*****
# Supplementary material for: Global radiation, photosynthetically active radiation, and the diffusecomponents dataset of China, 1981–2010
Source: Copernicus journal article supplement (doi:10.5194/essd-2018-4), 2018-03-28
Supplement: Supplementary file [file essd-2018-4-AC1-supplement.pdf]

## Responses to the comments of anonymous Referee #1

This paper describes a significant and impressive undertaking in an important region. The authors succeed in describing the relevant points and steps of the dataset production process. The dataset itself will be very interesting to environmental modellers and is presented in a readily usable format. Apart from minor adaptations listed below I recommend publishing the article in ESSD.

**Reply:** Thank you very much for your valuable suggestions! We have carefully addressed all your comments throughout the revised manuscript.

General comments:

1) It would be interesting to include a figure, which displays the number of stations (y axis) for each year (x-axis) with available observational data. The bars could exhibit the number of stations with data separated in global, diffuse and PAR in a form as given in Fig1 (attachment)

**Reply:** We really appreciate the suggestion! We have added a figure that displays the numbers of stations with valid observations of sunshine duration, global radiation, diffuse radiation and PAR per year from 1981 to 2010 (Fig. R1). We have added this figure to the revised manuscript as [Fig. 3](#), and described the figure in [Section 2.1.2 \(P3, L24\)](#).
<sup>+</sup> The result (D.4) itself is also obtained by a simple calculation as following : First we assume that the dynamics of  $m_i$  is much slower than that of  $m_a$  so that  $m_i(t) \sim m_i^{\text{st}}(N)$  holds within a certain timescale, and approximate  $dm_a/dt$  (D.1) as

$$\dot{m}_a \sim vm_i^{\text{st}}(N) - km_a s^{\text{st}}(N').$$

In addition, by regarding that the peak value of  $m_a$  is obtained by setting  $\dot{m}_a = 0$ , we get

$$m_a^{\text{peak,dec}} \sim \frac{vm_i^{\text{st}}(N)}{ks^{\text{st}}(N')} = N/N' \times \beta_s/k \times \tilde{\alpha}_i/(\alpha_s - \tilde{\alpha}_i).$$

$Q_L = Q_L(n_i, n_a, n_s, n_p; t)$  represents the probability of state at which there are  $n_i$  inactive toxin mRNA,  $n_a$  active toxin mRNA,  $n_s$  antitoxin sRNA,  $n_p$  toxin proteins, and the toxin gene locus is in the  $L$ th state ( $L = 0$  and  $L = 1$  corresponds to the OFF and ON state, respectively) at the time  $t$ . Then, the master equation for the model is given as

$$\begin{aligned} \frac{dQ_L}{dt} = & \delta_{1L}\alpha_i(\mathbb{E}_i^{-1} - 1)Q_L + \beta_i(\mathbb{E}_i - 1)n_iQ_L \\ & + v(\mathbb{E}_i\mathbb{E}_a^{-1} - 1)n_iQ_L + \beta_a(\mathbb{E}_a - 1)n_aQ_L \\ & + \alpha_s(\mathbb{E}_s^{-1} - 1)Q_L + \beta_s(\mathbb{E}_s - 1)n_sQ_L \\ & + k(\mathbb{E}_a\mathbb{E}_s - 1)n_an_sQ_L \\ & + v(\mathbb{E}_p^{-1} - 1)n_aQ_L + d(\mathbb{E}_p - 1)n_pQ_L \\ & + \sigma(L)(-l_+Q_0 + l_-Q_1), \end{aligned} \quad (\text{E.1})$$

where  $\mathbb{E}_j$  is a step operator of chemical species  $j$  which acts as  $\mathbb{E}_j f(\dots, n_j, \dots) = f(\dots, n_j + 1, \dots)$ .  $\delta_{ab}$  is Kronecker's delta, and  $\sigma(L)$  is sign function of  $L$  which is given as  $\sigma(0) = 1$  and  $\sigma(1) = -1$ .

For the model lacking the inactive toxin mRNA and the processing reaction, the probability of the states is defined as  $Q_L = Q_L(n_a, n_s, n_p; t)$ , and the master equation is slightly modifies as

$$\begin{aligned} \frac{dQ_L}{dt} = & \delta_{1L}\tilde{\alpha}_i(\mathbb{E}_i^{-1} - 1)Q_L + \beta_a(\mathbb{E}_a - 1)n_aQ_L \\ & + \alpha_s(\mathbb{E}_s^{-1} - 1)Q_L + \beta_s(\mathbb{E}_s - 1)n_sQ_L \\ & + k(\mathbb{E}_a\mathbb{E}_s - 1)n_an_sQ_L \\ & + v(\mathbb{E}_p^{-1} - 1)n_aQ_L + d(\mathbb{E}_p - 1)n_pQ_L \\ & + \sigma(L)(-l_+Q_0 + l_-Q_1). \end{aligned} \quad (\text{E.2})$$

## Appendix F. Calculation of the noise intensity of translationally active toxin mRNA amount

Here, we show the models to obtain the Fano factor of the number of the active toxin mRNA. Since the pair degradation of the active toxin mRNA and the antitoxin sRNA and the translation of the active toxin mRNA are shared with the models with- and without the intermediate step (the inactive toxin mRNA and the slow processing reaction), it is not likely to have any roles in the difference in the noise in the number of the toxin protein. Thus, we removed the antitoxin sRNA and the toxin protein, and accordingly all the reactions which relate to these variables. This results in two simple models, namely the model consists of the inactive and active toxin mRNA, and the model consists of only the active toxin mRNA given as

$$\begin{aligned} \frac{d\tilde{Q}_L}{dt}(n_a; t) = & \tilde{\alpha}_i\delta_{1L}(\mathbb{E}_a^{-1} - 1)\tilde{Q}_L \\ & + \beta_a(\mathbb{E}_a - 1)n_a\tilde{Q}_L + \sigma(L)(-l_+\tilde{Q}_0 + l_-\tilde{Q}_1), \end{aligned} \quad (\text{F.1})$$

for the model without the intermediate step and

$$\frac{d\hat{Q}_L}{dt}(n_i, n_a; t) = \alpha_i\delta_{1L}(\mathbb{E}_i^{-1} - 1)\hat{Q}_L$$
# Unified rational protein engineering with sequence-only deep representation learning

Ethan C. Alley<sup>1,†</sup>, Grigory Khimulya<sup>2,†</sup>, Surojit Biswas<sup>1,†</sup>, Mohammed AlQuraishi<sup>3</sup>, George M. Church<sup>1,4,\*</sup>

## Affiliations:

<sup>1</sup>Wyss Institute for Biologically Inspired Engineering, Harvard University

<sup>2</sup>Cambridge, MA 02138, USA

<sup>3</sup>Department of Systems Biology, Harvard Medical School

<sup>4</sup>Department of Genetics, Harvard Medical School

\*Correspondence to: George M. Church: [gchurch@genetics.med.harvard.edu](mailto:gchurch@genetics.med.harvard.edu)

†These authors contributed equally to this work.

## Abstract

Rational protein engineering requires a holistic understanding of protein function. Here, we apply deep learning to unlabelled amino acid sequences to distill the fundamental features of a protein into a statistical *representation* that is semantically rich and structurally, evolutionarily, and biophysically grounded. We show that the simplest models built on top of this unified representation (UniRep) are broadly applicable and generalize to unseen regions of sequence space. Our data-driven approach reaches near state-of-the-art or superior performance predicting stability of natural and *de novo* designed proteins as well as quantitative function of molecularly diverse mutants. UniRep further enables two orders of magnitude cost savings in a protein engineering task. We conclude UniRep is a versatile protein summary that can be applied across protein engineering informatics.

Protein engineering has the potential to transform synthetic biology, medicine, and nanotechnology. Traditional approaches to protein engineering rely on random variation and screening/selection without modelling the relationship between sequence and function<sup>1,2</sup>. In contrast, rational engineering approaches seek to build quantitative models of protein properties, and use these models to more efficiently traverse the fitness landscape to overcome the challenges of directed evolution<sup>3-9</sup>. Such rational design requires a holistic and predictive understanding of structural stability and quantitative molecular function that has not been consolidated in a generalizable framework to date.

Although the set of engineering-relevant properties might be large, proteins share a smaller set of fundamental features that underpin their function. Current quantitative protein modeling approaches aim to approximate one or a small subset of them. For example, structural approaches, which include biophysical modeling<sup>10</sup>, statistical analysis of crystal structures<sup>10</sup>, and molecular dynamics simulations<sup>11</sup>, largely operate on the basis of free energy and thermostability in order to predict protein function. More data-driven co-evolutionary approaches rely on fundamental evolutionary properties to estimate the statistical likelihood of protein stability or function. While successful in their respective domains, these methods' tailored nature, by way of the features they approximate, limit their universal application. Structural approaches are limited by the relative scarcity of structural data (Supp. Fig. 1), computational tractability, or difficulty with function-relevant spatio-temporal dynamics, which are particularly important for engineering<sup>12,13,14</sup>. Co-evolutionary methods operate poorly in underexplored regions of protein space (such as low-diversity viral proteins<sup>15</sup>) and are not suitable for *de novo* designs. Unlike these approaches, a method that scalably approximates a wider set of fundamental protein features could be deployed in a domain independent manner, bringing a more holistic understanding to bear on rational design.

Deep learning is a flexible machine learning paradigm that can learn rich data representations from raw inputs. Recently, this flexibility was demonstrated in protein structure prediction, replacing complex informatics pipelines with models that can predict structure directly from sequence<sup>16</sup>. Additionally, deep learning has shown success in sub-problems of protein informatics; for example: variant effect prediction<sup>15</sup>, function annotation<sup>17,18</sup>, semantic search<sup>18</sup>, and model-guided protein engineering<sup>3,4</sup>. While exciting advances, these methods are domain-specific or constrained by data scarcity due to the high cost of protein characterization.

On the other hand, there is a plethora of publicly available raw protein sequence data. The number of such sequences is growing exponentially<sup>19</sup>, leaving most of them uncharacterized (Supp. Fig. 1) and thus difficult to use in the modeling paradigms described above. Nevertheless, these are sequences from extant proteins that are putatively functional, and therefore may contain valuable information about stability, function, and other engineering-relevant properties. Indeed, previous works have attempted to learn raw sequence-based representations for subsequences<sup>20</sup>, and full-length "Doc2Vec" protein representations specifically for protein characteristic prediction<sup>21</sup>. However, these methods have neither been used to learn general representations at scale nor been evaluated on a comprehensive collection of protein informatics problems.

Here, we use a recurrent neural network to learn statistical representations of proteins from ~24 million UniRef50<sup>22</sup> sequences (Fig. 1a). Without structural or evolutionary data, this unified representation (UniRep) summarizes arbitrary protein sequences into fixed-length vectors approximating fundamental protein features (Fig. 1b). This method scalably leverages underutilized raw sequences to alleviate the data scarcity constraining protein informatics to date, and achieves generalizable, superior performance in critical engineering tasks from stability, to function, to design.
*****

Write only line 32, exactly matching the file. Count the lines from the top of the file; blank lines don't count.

†These authors contributed equally to this work.